Things are gradually going back to normal, which means companies want their employees back to the office. However, some workers are not too keen on going back to the office. Surveys and polls by Gallup, Microsoft and EY revealed that most workers prefer the flexibility of a remote work setup or a hybrid work week where some days are spent in the in office and some at work.
This preference has forced companies to look at adopting a hybrid model instead. Hybrid is simply a flexible approach to work that allows employees to choose where they want to do their job. It empowers them to build their work around their lives instead of the other way around.
But it’s not a flawless solution. There are hurdles for businesses to navigate. We have a few tips straight from hybrid model pros that may help your organisation effectively adapt to a hybrid workplace and hopefully increase employee morale, productivity and retention.
Know what your team needs
Adopting a new work setting is a significant change, one that should have your employees’ support. Rolling out the plan of switching to a hybrid model without any employee input is a big mistake.
One of the best ways to make sure that you’re not missing anything and that things will be up to par is to ask your employees. Survey your team to understand their preferences and concerns. That way, you’ll discover who wants to return to the office and who wants to retain the WFH setup. You’ll also get to address problems that might arise from a hybrid format and resolve any current issues your team is facing right now with remote work.
Train your managers
Managing a team is already a challenge in itself. Doing it while some or all members are working remotely is another hurdle entirely, one that requires a different set of skills and tools.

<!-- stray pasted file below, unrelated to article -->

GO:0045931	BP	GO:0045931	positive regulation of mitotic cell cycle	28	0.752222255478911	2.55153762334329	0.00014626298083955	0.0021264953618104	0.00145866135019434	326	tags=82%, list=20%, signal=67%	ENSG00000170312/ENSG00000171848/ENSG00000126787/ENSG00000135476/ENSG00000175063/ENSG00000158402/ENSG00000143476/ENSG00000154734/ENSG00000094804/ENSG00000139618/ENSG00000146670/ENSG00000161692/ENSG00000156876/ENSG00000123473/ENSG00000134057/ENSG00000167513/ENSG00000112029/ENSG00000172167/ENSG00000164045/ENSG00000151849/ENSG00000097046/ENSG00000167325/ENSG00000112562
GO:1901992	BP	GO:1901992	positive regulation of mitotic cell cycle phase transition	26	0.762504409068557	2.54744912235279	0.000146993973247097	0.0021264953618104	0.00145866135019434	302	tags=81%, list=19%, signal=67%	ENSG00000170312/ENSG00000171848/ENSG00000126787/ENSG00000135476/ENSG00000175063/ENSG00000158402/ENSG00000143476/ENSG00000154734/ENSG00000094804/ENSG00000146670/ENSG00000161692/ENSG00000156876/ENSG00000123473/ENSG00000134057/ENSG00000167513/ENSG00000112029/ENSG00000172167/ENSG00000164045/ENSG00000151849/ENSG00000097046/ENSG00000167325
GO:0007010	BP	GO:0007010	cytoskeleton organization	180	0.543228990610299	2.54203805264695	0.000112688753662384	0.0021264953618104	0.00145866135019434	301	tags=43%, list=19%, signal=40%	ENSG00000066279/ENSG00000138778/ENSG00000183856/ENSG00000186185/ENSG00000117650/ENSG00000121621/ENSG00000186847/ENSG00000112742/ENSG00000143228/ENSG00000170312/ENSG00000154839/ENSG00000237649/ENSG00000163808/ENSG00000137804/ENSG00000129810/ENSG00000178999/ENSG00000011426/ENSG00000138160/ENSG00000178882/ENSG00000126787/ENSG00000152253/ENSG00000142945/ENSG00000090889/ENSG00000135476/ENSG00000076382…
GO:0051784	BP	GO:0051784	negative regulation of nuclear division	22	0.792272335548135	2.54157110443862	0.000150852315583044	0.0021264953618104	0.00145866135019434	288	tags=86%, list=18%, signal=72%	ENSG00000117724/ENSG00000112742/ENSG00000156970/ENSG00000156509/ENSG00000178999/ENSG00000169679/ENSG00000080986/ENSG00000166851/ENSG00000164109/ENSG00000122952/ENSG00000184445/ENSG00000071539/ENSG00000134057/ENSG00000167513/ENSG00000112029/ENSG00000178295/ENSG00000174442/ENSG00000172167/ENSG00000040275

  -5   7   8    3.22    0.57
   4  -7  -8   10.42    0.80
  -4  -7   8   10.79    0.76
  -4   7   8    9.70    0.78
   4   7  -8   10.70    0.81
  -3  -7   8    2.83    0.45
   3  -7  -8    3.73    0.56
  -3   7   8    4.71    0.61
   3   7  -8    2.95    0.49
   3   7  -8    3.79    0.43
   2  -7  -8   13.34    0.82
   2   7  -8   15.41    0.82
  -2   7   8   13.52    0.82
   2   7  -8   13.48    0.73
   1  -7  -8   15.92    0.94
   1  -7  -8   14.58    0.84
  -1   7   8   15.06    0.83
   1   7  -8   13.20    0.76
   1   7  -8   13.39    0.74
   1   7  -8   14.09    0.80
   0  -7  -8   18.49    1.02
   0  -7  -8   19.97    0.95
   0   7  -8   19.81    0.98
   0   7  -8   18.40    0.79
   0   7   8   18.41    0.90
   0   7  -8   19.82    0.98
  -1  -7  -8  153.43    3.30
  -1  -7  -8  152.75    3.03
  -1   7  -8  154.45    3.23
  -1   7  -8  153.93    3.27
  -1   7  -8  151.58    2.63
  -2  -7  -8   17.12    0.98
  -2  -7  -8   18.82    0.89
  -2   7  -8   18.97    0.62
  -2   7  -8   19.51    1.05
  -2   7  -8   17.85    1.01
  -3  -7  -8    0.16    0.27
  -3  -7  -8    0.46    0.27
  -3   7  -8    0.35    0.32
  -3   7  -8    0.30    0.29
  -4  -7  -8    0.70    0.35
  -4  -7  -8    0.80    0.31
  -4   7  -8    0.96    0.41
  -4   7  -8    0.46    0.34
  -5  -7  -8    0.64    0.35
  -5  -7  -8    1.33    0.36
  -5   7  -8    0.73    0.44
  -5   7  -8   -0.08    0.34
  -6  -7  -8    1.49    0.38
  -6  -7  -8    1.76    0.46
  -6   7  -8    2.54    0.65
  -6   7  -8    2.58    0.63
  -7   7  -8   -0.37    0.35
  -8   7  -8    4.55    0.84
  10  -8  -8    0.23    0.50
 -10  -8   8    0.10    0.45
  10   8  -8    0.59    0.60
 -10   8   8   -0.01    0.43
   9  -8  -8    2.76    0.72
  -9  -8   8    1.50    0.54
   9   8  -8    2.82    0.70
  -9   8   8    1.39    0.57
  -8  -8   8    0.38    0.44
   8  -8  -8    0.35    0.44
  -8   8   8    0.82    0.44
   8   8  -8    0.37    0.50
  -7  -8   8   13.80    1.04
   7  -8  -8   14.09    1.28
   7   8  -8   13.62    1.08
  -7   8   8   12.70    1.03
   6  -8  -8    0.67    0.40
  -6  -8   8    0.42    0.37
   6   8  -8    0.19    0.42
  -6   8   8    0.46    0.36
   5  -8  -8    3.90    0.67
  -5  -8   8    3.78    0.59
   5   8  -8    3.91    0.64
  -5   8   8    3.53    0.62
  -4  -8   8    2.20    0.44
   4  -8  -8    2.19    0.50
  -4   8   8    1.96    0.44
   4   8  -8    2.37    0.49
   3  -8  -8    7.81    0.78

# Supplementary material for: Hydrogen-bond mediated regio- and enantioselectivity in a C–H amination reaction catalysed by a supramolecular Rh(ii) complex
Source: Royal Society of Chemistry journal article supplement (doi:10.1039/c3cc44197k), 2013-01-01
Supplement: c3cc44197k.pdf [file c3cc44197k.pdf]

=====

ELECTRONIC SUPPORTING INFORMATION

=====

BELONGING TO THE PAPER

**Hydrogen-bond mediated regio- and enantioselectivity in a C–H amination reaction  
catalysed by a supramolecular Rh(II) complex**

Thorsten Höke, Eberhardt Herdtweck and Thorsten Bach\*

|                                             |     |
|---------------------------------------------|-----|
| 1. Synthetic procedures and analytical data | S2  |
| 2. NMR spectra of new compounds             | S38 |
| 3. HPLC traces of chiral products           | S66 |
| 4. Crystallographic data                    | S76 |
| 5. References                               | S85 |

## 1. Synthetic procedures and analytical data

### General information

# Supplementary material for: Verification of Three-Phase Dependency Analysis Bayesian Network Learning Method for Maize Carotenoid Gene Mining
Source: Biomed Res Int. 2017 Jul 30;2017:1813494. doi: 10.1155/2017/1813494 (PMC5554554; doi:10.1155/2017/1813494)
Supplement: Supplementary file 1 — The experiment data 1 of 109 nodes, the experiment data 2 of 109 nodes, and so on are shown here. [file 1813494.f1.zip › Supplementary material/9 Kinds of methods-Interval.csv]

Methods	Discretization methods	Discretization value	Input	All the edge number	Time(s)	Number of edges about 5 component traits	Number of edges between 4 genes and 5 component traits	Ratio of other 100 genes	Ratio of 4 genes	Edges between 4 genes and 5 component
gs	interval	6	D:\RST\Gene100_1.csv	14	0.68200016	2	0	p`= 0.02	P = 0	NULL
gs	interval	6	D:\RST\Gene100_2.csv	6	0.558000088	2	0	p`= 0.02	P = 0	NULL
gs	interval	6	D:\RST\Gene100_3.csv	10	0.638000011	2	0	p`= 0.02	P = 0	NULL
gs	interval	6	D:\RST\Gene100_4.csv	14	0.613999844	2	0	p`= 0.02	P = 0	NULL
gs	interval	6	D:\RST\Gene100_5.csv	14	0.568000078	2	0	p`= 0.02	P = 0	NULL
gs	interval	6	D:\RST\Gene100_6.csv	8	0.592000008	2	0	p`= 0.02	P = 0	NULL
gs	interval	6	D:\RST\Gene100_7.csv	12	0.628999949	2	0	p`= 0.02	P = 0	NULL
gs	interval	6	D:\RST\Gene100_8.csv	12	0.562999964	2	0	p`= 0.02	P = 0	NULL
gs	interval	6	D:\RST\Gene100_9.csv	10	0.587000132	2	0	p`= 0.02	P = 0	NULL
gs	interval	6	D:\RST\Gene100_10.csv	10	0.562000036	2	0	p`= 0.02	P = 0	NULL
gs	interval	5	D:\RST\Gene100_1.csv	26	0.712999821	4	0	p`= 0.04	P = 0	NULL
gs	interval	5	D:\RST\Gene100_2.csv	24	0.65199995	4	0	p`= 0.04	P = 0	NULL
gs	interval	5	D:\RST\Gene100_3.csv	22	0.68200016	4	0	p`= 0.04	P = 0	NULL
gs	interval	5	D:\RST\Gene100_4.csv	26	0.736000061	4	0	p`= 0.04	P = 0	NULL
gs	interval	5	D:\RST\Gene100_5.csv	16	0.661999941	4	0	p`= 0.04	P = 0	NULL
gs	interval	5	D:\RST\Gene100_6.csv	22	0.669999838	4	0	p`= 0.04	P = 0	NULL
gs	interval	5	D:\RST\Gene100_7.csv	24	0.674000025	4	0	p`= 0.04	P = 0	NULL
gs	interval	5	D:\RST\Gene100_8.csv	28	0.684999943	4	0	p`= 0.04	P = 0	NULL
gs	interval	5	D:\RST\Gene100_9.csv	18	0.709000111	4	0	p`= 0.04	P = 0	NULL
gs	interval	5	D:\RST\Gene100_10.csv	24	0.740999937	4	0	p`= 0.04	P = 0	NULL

You cannot assume that your managers and supervisors can just learn along the way when in a hybrid workplace setting.
One Harvard business review survey reveals that 40% of leaders have low confidence in their ability to manage a remote team. Meanwhile, 41% of those surveyed admit that they struggle to keep their remote workers motivated.
To address that, organisations should provide the necessary training on the workings of a hybrid model and how managers can do their job effectively in that environment. This can include seminars on best practices and providing resources and tools they can use. You can even conduct collab meetings where managers can discuss the challenges or successes they had.
Provide employees with resources
Of course, employees need support, too, especially those who want to set up a workspace in their homes.
The hybrid model is not just about whether or not an employee works in an office. It’s about creating the whole employee experience; helping them set up functional workspaces to show that you support them in choosing where they want to work.
It’s also about equipping your employee with the things they need to do their work and succeed whilst at the same time giving them the flexibility and independence they crave.
Like any new routine or process, it will take time for people to acclimate to a hybrid model. It won’t be a seamless transition, and problems will pop up. So, patience is critical.
Your team might struggle with hosting productive meetings when everyone is remote and it can potentially be hard to foster meaningful relationships when you can’t physically get together.
These are challenges, not impossibilities but it’s something to keep in mind when mapping out your company’s switch to a hybrid workplace.
With the switch to hybrid workplaces, we’re all forced to rethink how we view work as being constricted to a single physical location (i.e the office). The ideal work environment can differ from person to person.
Productivity is not limited to being in a cubicle or sitting at a desk for eight hours a day, unleash the hybrid office and see how much happier and more productive your team can be!
What’s the biggest challenge so far in your hybrid workplace? We’d love to hear from you. Start the conversation with the best IT recruitment consultants in Melbourne, Canberra, Adelaide and Brisbane by emailing email@example.com or calling 1300 544 652.